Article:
Fighting: it’s part of the game

As the Nation woke this morning, many of you were still smarting from the 5-1 loss in Minny. Once again, after a surprising win in Washington, the Oilers weren’t able to keep their momentum going.

Were you that surprised that they lost to the Wild and Backstrom, who absolutely owns the Oilers? Probably not, but your disappointment stemmed from not seeing a potential epic heavyweight battle between the Bogeyman and SmackIntyre. You could handle not seeing Brash v. Smack two nights earlier, because you were wiping the tear from your eye watching him celebrate his first NHL goal. But last night, you wanted it, and expected MacIntyre to exact some redemption for the Bogeyman crushing Hemsky, Reasoner and the 2007 Oilers.

But it didn’t happen. You clapped and were intrigued by the spirited Smid/Sheppard tilt, and then you were screaming at the TV after Souray demolished Weller with some crushing lefts. Hell, if it wasn’t for Souray’s KO you’d have had nothing to cheer for last night.

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Of course winning a fight doesn’t mean as much as the two points, but it re-enforces why the NHL, or junior hockey for that matter, should never take fighting out of the game. Sports are a release from the daily grind, and they get you emotionally involved and ultimately entertained. While you don’t need to see a fight every game, don’t tell me you don’t get excited when the gloves hit the ice.

When the Oilers win, even if the game is boring, you still leave satisfied. And even a loss that has end-to-end action or big hits can be satisfying, but when Minnesota is the opposition the only excitement you hope for is a monumental tussle amongst the big men.

Some pacifists will argue that a meaningless fight between two heavyweights who don’t play much is pointless. But I say hogwash. In boxing and now MMA, the anticipation of a great bout is almost as exciting as the fight itself. Most of us love it because we know deep down we could never do it. You don’t cheer for someone to get hurt, but you want to see a KO. Is it barbaric? No, it’s an adrenaline rush and entertainment.

Not seeing Smack and Bogey doff the gloves last night was a disappointment for many fans, and while it didn’t hurt you as much as the loss, it left you wanting more.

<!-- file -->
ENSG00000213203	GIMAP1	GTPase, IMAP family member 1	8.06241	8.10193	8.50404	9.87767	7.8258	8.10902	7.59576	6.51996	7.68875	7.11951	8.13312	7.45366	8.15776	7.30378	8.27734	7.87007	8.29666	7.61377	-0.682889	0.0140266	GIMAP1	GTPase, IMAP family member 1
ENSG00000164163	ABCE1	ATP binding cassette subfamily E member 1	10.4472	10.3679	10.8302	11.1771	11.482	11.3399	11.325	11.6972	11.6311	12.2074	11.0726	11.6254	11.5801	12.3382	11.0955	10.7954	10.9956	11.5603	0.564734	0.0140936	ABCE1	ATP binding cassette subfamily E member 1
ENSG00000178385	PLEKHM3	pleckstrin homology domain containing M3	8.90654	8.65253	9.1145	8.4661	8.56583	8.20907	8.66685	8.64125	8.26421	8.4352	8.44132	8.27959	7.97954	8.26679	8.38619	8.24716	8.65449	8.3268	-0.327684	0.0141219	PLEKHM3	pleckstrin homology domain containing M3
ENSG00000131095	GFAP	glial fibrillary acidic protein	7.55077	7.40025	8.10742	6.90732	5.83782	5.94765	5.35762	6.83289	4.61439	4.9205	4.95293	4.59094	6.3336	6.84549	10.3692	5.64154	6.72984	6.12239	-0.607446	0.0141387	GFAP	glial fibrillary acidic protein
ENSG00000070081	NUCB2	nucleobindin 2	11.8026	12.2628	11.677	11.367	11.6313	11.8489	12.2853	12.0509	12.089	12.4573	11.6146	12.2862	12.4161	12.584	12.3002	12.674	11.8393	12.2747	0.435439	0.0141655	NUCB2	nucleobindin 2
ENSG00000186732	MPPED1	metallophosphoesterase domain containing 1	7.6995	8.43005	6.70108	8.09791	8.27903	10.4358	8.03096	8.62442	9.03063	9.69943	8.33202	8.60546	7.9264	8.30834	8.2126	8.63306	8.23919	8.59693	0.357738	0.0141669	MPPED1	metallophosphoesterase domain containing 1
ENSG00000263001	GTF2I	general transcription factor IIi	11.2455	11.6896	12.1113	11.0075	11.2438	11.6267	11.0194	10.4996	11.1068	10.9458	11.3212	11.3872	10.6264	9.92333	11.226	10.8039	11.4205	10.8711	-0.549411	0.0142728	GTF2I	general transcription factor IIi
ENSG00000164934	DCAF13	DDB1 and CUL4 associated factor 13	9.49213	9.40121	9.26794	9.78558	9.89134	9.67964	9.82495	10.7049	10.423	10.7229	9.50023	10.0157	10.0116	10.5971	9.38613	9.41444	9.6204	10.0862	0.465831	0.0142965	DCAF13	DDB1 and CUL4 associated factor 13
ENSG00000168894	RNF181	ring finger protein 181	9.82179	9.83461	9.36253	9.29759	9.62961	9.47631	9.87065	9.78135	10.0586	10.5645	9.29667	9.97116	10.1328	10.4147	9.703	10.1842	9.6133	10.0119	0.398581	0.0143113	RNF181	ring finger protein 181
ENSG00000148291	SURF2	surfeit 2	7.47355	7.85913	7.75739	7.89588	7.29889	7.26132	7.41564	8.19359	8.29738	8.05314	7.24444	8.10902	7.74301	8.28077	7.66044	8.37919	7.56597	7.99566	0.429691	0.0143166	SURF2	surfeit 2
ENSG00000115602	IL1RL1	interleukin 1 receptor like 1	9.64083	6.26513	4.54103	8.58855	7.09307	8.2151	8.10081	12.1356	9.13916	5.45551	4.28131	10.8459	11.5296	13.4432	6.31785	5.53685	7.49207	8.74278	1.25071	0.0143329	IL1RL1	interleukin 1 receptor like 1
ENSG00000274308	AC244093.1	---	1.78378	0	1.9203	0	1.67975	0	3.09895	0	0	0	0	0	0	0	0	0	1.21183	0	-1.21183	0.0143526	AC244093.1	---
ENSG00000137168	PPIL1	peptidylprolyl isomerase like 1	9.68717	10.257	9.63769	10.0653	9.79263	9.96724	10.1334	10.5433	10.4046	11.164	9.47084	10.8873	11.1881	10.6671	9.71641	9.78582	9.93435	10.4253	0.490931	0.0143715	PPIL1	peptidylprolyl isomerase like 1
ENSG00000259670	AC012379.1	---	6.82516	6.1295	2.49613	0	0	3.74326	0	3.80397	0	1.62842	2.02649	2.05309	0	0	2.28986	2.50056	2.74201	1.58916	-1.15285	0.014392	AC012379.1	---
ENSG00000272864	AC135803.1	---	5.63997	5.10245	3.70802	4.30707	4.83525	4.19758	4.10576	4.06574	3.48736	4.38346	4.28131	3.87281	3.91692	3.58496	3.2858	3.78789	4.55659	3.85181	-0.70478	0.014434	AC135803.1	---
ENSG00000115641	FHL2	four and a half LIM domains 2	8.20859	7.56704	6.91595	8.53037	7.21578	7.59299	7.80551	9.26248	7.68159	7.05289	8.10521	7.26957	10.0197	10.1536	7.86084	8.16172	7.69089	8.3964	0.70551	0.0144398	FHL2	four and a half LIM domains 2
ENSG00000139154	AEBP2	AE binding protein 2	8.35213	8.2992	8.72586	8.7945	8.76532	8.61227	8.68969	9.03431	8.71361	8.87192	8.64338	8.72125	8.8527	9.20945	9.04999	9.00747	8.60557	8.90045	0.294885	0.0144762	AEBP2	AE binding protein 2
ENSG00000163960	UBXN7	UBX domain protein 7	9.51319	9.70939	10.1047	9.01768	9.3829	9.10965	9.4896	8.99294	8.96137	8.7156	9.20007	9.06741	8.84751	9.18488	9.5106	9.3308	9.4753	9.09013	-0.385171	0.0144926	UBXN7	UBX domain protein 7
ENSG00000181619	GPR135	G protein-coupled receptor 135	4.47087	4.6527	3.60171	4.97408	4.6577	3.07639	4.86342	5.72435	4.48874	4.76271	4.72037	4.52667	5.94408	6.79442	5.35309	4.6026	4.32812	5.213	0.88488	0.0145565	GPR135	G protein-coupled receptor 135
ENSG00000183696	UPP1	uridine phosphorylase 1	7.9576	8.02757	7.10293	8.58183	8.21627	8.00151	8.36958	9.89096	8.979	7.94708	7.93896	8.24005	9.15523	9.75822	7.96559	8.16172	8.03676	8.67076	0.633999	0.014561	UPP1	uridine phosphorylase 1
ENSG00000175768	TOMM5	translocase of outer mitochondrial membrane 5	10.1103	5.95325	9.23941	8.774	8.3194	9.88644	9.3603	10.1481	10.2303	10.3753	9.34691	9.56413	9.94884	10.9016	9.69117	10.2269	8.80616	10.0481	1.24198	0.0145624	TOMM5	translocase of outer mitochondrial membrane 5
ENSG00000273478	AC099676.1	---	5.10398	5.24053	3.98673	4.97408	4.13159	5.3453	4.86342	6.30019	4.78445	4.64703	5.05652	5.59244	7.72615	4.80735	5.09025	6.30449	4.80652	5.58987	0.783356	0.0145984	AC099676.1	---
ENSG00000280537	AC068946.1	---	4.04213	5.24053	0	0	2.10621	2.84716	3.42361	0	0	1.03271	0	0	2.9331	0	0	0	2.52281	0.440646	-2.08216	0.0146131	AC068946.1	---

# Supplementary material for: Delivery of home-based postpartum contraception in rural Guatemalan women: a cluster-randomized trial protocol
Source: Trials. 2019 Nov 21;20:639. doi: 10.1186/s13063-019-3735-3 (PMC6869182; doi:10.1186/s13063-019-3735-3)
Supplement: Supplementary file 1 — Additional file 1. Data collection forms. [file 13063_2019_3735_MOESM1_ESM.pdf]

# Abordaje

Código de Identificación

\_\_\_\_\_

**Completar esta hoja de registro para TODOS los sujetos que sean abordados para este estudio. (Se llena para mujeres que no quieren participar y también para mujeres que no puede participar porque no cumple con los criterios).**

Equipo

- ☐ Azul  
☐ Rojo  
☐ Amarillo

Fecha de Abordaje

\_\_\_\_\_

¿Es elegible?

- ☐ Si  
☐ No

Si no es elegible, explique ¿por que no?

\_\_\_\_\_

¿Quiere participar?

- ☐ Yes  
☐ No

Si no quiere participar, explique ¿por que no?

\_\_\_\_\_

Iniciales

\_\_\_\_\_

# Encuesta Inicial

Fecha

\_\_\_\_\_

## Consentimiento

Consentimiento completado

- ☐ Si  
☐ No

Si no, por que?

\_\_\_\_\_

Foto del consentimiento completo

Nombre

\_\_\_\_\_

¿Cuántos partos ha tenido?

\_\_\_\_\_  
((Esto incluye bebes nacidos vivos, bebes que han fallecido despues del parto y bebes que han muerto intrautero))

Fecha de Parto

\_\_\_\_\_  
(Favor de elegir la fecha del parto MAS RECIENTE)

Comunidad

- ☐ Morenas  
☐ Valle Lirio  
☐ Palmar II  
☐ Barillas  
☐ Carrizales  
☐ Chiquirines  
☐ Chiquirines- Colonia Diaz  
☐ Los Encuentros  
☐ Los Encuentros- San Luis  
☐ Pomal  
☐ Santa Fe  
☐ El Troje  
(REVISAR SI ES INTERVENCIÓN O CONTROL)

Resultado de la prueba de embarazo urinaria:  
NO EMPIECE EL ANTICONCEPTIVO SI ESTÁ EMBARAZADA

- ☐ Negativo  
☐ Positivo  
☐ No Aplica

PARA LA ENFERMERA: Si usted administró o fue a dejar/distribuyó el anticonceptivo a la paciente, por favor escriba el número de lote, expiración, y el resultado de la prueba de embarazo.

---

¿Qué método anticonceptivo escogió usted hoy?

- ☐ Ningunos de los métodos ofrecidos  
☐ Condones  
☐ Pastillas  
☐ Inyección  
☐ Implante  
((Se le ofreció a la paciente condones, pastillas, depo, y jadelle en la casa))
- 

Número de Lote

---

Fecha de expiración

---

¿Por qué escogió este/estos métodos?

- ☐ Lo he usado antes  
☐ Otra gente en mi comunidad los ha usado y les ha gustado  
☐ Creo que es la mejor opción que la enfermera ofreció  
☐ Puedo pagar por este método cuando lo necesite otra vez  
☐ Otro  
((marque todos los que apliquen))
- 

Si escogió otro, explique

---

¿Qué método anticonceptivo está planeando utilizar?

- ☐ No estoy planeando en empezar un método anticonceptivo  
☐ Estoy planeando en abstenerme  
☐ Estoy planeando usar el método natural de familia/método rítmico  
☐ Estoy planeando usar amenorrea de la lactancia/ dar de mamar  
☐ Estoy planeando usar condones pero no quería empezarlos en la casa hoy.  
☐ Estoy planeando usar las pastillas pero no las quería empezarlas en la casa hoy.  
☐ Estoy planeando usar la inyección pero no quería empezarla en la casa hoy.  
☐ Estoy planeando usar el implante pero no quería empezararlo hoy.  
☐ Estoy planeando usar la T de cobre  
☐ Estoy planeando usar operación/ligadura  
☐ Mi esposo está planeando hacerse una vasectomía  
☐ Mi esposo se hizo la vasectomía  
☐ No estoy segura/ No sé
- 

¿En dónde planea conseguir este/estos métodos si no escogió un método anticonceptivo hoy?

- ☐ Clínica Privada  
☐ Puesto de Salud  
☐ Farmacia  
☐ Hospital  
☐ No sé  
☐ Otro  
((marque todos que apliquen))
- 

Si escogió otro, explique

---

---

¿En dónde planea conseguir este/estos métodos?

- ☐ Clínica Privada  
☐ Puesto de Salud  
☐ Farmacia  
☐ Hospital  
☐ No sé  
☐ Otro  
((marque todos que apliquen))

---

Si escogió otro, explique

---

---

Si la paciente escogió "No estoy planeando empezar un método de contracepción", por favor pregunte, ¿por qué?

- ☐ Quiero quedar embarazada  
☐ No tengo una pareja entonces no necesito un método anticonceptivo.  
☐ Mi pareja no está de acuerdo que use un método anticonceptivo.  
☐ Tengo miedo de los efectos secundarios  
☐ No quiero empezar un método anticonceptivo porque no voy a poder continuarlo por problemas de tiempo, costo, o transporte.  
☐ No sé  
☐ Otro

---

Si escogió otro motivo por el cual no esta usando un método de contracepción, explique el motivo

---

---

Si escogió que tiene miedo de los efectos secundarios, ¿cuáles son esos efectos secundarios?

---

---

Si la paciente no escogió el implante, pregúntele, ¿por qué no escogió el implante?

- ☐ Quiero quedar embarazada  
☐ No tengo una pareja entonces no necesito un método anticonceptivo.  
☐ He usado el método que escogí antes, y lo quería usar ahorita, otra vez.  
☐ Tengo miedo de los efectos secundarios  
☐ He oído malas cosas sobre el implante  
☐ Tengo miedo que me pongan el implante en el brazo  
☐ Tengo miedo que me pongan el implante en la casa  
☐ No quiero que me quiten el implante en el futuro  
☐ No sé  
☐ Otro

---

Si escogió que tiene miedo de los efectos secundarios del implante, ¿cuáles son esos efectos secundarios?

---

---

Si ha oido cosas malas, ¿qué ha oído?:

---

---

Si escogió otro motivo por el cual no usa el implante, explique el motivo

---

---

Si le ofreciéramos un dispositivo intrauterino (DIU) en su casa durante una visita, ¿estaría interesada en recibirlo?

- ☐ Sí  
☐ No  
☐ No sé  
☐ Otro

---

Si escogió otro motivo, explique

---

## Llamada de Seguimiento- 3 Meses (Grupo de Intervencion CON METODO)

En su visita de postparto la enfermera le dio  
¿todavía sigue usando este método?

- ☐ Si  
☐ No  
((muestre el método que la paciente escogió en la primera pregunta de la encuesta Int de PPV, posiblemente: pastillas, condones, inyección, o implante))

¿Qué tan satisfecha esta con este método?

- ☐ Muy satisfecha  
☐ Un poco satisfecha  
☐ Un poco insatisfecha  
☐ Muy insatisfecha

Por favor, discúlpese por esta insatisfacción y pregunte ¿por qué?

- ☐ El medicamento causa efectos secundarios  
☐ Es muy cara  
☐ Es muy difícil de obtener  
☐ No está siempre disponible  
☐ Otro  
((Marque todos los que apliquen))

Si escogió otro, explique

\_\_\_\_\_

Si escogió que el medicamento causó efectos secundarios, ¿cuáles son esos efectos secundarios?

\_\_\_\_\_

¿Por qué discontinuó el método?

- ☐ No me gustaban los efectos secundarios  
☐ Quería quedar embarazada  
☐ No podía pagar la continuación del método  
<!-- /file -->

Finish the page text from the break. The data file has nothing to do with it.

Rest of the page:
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Many, including myself, wonder if the decision by the OHL to suspend players who willingly take their helmets off before a fight, is another step in trying to take fighting out of the game, or just a knee jerk reaction to the horrible Don Sanderson tragedy.

There are fair arguments for both sides when it comes to not allowing players to take their helmets off before a fight. I’m a proponent of fighting and even I can see why David Branch, Commissioner of the OHL, felt it necessary to act swiftly. Sometimes players take their helmets off more for the showboating aspect rather than the protecting-their-knuckles defence. I don’t agree with his decision and I think it was knee-jerk reaction, but I understand he has pressure to try and protect the players in his league.

If Sanderson hadn’t passed away would the OHL have implemented this rule? No chance. And that’s what is disappointing. We can’t change rules because of one incident, or soon we will be changing every fabric of our beloved game.

I don’t believe the NHL will follow suit, and I doubt they will ever purposely take fighting out of the game. As much as I would hate to see it go, if in 20 years teams don’t employ designated tough guys, then I will accept that the game has evolved past that. I will take evolution over a rule change. Hockey fans don’t want to be hit over the head with a fighting ban, but like the past 20 years, if fighting continues to decline slowly at least the league won’t be alienating their true fans.

One of the best aspects of fighting is the unpredictability of it. It can happen at any moment, by any player and normally it is over in under a minute. It’s a quick jolt of energy for the participants, their teammates and the fans. It can change the momentum of the game, or send a message to the opposition and it almost always adds energy to the game.

You don’t need designated heavyweights to have exciting fights. Many of you, especially Amber, gushed openly as Souray jack hammered Weller last night. While it wasn’t the match-up you were anticipating or hoping for, it did quench your appetite.

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While you ride the inevitable rollercoaster that comes from being an Oiler fan, you can count the days until the next potential Bogeyman v. Smack battle. It’s 14 days boys and girls: Jan. 30 at Rexall.

This really sucks

Just as I was getting over not seeing #24 and #33 drop the gloves, I came across the preview for Underworld: Rise of the Lycans, and immediately thoughts of Kate Beckinsale in that black suit came rushing to my brain. I didn’t catch the release date, because thoughts of Selene were almost too much for me to bare, so I googled Underworld 3 to find out when I could once again see the sexiest character in movie history.

If you thought not seeing the big bout last night was disappointing, imagine my horror when I realized that Selene will not be back to battle the Lycans. Ok, sure she will make some lame cameo appearance but that’s like knowing Boogaard and MacIntyre are on the bench, though you’ll will never see them on the ice.